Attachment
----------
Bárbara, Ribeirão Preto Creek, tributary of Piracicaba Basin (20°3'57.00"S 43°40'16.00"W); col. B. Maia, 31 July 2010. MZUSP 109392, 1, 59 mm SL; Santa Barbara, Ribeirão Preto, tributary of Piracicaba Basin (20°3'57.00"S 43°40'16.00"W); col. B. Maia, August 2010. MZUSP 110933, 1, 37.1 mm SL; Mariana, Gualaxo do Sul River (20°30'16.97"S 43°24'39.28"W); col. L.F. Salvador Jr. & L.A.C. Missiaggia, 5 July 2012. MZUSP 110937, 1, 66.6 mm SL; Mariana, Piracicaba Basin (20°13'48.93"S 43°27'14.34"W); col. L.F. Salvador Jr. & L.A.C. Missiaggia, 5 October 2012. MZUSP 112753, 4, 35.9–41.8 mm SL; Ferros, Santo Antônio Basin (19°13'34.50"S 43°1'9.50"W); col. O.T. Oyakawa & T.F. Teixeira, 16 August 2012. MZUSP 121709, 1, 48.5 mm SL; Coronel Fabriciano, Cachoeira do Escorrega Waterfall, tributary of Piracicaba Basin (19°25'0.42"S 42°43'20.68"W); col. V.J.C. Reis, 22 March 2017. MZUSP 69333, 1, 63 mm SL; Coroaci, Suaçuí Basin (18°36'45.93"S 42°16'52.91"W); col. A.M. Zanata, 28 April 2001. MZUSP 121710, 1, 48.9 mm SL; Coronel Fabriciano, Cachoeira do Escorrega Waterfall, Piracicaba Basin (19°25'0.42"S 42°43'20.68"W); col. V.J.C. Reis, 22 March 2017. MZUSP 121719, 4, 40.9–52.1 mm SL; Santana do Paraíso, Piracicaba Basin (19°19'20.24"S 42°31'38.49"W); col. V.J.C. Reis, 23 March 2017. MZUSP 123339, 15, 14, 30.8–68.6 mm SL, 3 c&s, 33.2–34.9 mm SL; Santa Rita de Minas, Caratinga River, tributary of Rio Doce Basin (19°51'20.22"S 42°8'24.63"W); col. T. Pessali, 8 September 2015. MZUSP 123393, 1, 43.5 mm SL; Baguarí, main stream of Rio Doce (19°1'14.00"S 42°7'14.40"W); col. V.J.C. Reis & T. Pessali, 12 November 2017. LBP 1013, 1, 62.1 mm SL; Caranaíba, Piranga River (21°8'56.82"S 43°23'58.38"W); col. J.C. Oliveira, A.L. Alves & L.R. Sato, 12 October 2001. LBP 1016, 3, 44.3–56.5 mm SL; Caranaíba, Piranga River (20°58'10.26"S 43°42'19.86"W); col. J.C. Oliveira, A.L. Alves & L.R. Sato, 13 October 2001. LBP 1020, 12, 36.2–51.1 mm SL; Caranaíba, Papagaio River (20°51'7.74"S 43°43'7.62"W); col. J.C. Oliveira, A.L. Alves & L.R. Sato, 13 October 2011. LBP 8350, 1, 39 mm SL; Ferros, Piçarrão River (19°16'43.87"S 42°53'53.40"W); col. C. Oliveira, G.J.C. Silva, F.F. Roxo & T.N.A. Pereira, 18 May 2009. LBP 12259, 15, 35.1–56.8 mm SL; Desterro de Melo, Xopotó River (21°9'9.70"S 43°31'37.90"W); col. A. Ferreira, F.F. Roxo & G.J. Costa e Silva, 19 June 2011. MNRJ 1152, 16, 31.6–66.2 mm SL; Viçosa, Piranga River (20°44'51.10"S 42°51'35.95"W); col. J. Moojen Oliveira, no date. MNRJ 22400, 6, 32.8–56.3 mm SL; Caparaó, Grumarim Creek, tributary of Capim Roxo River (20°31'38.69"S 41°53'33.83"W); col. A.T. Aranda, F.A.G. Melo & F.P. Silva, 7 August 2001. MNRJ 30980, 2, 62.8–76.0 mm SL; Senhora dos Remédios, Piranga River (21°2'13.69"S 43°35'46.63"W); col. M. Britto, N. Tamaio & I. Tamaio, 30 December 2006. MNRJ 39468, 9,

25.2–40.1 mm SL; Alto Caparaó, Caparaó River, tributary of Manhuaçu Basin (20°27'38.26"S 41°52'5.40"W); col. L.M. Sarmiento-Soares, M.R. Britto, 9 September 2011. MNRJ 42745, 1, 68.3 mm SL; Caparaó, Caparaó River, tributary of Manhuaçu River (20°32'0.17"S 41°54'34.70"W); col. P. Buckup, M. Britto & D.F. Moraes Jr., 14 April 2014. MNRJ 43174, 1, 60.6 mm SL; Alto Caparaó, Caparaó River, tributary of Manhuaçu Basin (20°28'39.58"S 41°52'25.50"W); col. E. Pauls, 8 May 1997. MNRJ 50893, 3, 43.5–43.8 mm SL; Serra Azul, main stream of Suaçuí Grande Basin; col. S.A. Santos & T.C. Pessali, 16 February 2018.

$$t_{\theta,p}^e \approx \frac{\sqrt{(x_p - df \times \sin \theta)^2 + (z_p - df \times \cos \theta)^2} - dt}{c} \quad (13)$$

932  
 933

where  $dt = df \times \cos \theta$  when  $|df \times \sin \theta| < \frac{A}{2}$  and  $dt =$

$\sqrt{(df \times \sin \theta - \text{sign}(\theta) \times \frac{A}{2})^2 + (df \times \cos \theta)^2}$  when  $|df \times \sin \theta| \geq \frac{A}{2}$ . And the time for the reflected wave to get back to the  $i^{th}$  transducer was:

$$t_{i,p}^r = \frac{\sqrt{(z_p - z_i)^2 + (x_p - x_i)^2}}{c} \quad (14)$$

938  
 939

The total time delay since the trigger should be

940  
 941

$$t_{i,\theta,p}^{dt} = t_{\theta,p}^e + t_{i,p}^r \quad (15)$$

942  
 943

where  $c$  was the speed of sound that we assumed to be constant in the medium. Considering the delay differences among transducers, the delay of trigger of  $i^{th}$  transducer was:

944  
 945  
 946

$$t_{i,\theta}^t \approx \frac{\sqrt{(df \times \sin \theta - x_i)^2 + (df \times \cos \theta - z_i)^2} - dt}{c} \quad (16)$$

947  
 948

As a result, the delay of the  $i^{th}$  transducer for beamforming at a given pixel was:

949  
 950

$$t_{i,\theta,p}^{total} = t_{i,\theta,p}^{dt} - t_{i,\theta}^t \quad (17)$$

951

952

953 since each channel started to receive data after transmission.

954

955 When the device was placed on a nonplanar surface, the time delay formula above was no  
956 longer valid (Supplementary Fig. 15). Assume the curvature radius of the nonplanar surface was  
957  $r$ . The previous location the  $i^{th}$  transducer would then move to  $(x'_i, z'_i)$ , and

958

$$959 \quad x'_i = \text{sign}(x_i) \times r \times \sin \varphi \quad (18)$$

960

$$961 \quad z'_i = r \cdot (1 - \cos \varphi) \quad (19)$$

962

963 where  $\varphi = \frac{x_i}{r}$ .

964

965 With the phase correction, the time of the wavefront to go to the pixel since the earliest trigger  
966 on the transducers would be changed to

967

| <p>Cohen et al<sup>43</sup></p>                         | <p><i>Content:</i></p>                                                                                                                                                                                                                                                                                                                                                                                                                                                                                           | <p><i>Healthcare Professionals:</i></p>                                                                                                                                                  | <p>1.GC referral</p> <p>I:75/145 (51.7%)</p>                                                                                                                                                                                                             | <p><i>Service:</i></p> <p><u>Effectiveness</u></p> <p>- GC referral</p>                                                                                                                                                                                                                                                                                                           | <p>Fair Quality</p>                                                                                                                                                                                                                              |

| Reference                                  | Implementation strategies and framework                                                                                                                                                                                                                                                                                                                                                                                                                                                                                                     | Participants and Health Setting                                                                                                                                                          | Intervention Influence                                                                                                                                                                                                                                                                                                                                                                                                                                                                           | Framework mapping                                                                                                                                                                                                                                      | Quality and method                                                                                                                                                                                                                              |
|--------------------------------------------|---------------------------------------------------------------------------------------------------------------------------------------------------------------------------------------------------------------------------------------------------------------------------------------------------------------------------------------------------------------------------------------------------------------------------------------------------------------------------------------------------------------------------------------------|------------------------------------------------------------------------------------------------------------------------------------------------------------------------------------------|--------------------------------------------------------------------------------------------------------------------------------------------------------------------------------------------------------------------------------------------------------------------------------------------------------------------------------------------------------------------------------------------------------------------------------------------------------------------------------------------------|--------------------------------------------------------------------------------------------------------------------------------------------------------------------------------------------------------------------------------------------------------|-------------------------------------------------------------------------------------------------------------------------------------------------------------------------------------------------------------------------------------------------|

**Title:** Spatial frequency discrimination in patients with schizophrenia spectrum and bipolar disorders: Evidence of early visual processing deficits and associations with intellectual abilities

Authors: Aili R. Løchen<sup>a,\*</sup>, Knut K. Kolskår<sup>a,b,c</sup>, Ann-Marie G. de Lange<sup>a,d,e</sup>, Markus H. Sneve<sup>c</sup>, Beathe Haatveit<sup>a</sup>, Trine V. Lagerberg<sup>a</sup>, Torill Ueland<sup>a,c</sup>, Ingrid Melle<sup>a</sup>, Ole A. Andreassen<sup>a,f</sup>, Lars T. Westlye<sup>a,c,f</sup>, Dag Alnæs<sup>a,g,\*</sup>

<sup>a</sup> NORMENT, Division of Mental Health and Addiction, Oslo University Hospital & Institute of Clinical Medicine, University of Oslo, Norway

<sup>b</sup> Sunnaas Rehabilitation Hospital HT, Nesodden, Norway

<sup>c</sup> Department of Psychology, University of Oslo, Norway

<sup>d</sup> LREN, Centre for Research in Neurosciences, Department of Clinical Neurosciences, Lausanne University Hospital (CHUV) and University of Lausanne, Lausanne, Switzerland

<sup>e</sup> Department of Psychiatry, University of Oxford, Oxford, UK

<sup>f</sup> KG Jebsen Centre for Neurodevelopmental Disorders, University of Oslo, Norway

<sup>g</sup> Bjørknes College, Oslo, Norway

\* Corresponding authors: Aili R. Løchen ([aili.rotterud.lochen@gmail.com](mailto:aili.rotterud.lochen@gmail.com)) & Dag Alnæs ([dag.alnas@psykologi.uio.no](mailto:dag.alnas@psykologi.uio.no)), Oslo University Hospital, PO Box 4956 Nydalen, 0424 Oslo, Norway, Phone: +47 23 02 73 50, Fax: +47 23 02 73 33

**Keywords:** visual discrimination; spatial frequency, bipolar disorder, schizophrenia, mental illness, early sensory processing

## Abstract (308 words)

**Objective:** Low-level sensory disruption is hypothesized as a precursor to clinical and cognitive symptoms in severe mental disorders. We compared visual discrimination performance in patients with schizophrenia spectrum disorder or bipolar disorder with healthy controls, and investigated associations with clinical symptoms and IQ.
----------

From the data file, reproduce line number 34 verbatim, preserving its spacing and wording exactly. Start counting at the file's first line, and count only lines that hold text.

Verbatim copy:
957  $r$ . The previous location the  $i^{th}$  transducer would then move to  $(x'_i, z'_i)$ , and